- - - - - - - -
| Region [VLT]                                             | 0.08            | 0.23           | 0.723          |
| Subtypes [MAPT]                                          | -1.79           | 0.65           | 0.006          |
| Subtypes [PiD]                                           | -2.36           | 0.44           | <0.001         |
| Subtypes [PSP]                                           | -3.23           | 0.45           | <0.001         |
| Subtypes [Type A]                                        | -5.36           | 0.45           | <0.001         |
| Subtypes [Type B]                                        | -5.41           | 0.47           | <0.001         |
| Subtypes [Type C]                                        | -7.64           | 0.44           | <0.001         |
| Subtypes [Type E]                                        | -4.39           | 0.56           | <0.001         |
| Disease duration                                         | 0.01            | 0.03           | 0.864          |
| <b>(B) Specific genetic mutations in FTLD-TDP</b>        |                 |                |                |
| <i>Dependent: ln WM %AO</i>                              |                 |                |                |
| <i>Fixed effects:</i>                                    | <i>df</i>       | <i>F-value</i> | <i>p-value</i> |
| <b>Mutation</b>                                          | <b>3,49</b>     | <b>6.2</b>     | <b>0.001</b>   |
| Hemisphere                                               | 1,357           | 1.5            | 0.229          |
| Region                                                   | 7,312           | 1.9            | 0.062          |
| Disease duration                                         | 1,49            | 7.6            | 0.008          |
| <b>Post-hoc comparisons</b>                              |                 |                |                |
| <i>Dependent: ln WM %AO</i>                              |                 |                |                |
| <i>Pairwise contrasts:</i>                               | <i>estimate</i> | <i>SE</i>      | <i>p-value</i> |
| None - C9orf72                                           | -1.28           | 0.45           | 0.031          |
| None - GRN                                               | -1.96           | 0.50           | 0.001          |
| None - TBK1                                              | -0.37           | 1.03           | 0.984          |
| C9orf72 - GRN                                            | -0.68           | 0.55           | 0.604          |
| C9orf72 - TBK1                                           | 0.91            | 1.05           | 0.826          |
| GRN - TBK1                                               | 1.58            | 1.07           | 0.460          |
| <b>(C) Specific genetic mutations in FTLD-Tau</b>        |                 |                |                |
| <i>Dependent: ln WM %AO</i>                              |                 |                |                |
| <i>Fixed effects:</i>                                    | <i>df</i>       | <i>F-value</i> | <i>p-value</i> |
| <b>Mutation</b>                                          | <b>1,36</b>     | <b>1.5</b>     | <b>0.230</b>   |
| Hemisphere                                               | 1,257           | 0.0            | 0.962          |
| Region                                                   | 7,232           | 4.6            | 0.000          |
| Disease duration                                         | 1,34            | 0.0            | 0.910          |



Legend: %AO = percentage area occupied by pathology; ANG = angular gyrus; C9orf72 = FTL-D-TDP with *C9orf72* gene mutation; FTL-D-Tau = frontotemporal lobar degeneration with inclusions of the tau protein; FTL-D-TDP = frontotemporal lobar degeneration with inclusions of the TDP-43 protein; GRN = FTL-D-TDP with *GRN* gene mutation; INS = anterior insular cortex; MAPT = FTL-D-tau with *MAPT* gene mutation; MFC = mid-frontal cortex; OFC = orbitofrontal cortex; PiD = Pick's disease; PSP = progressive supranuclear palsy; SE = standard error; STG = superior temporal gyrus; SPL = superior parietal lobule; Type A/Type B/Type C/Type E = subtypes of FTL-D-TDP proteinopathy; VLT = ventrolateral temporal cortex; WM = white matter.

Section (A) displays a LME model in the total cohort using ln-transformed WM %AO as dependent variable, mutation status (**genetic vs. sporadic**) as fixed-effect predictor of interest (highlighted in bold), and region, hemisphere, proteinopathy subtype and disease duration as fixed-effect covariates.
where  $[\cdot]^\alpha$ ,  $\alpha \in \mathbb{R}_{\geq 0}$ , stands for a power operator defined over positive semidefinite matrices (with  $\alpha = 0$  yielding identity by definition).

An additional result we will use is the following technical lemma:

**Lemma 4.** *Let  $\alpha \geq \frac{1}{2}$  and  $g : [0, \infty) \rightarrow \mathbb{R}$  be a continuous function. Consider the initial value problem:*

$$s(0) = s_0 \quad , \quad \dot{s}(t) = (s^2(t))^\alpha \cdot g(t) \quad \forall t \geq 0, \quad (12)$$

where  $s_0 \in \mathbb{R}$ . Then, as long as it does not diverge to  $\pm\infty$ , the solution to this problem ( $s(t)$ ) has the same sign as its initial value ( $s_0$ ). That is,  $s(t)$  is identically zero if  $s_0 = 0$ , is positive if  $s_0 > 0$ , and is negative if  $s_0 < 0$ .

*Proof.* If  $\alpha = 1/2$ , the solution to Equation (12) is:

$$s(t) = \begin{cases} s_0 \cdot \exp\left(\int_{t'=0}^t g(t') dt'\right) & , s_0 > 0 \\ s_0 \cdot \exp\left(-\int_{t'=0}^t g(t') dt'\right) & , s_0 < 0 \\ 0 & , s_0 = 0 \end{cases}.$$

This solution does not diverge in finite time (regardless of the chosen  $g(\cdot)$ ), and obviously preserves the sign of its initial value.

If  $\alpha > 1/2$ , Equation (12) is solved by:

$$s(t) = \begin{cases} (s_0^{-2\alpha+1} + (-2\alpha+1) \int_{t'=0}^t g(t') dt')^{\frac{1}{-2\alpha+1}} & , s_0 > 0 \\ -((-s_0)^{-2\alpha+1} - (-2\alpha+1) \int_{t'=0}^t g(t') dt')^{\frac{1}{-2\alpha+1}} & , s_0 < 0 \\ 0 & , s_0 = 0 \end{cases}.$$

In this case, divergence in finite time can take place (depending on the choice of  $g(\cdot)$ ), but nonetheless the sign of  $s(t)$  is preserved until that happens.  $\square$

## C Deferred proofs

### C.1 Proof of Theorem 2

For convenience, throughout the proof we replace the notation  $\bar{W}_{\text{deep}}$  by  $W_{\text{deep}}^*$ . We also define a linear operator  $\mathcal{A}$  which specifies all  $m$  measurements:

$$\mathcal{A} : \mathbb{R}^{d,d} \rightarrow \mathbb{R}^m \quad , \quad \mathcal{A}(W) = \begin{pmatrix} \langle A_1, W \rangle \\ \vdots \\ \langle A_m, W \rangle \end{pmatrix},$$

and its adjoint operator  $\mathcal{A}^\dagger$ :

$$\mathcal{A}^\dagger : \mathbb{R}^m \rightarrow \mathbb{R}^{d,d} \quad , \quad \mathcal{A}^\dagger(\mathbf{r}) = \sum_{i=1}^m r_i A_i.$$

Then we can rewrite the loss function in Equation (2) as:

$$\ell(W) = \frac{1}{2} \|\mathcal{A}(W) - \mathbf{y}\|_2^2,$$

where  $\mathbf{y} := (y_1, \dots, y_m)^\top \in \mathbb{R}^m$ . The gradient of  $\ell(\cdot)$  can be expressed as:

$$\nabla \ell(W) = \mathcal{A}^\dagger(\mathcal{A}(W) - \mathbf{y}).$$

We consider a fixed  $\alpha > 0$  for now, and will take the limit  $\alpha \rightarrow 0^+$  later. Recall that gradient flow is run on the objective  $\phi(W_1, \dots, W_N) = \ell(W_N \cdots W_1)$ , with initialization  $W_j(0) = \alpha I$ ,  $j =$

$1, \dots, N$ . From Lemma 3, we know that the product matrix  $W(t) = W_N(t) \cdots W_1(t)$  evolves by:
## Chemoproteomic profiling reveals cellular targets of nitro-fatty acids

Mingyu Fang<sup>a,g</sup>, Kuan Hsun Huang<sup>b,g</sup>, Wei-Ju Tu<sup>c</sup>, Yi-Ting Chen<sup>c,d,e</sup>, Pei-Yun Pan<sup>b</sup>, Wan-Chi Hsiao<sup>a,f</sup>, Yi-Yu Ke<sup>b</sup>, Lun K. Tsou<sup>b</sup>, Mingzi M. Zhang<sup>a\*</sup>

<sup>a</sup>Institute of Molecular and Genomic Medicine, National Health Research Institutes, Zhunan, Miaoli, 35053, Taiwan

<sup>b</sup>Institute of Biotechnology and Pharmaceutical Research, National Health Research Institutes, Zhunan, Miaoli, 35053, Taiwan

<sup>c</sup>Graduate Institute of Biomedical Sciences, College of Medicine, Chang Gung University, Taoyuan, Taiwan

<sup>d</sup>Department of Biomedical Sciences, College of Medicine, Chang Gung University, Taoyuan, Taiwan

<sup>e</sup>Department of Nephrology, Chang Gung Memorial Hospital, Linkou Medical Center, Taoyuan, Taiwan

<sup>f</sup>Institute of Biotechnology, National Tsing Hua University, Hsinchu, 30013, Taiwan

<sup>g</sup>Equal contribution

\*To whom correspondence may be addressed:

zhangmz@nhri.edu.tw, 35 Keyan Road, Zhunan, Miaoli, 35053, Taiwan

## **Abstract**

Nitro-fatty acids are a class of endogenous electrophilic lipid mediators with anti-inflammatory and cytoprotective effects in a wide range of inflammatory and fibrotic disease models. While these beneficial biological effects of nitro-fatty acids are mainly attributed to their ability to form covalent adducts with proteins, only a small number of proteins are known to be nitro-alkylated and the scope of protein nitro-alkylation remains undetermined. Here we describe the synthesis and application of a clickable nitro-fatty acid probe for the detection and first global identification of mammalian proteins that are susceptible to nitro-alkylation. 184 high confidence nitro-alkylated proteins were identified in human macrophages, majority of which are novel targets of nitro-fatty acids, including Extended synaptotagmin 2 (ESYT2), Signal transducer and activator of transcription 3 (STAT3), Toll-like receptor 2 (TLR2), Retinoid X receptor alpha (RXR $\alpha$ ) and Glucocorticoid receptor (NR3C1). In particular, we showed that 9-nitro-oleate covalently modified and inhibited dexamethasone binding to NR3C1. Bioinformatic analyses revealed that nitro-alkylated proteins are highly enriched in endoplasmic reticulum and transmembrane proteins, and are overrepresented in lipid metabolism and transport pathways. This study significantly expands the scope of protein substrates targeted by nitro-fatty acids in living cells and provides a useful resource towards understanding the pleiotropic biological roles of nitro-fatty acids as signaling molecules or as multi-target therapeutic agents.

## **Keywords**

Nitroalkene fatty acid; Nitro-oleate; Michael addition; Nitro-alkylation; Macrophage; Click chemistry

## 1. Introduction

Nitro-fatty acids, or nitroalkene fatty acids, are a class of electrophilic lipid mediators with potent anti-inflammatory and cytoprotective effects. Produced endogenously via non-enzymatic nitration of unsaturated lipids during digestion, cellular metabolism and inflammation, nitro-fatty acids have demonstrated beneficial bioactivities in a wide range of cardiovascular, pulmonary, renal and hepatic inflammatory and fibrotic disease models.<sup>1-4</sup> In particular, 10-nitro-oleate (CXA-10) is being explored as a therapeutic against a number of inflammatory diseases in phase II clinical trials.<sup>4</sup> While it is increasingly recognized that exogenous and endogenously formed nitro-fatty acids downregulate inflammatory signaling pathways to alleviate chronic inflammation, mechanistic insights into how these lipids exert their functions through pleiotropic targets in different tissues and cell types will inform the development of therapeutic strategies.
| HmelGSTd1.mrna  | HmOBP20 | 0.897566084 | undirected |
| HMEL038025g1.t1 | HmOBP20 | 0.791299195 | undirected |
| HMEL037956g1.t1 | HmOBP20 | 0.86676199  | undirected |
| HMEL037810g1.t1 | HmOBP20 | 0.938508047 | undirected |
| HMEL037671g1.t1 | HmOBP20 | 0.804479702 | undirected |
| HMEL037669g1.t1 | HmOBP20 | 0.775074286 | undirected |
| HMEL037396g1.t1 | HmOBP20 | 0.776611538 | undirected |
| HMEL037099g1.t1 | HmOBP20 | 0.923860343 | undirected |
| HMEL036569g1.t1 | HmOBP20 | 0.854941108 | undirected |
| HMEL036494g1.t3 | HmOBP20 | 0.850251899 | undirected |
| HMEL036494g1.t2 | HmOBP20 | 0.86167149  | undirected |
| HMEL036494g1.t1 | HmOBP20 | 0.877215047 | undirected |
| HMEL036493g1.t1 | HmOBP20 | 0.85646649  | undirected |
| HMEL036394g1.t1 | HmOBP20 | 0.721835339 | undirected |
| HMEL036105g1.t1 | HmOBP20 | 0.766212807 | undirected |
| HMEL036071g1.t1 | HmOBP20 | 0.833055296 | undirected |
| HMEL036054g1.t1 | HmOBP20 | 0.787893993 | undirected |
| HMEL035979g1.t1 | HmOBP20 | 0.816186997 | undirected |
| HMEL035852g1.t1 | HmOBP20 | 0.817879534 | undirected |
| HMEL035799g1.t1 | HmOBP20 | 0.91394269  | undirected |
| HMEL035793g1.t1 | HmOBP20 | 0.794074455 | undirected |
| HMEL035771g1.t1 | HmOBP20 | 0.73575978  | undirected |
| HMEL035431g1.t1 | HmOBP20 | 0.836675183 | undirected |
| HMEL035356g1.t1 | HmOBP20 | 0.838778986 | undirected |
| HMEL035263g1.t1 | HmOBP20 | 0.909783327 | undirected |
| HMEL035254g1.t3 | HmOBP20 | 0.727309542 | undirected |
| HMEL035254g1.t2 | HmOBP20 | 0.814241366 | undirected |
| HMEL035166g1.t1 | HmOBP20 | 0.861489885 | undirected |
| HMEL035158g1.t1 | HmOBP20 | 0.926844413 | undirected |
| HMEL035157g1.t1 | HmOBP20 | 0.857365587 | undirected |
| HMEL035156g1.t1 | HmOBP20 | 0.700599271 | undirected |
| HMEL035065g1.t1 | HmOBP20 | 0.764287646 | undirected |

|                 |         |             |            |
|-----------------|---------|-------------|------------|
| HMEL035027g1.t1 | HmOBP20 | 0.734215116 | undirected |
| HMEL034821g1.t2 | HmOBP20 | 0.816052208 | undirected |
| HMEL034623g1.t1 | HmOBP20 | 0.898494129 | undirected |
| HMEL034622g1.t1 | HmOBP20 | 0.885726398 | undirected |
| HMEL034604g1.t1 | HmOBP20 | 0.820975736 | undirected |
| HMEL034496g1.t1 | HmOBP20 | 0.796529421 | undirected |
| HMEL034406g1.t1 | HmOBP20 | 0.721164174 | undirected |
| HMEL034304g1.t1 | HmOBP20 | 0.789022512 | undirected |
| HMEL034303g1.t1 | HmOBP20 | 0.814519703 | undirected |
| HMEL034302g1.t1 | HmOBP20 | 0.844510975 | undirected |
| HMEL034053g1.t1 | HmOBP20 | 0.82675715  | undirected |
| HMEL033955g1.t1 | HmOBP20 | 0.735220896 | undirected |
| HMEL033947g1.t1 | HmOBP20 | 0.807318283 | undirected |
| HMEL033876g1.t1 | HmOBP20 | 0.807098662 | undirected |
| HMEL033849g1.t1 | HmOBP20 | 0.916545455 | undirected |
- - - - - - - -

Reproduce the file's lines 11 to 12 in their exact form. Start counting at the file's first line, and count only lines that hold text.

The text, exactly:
| <i>Dependent: ln WM %AO</i>                              |                 |                |                |
| <i>Fixed effects:</i>                                    | <i>df</i>       | <i>F-value</i> | <i>p-value</i> |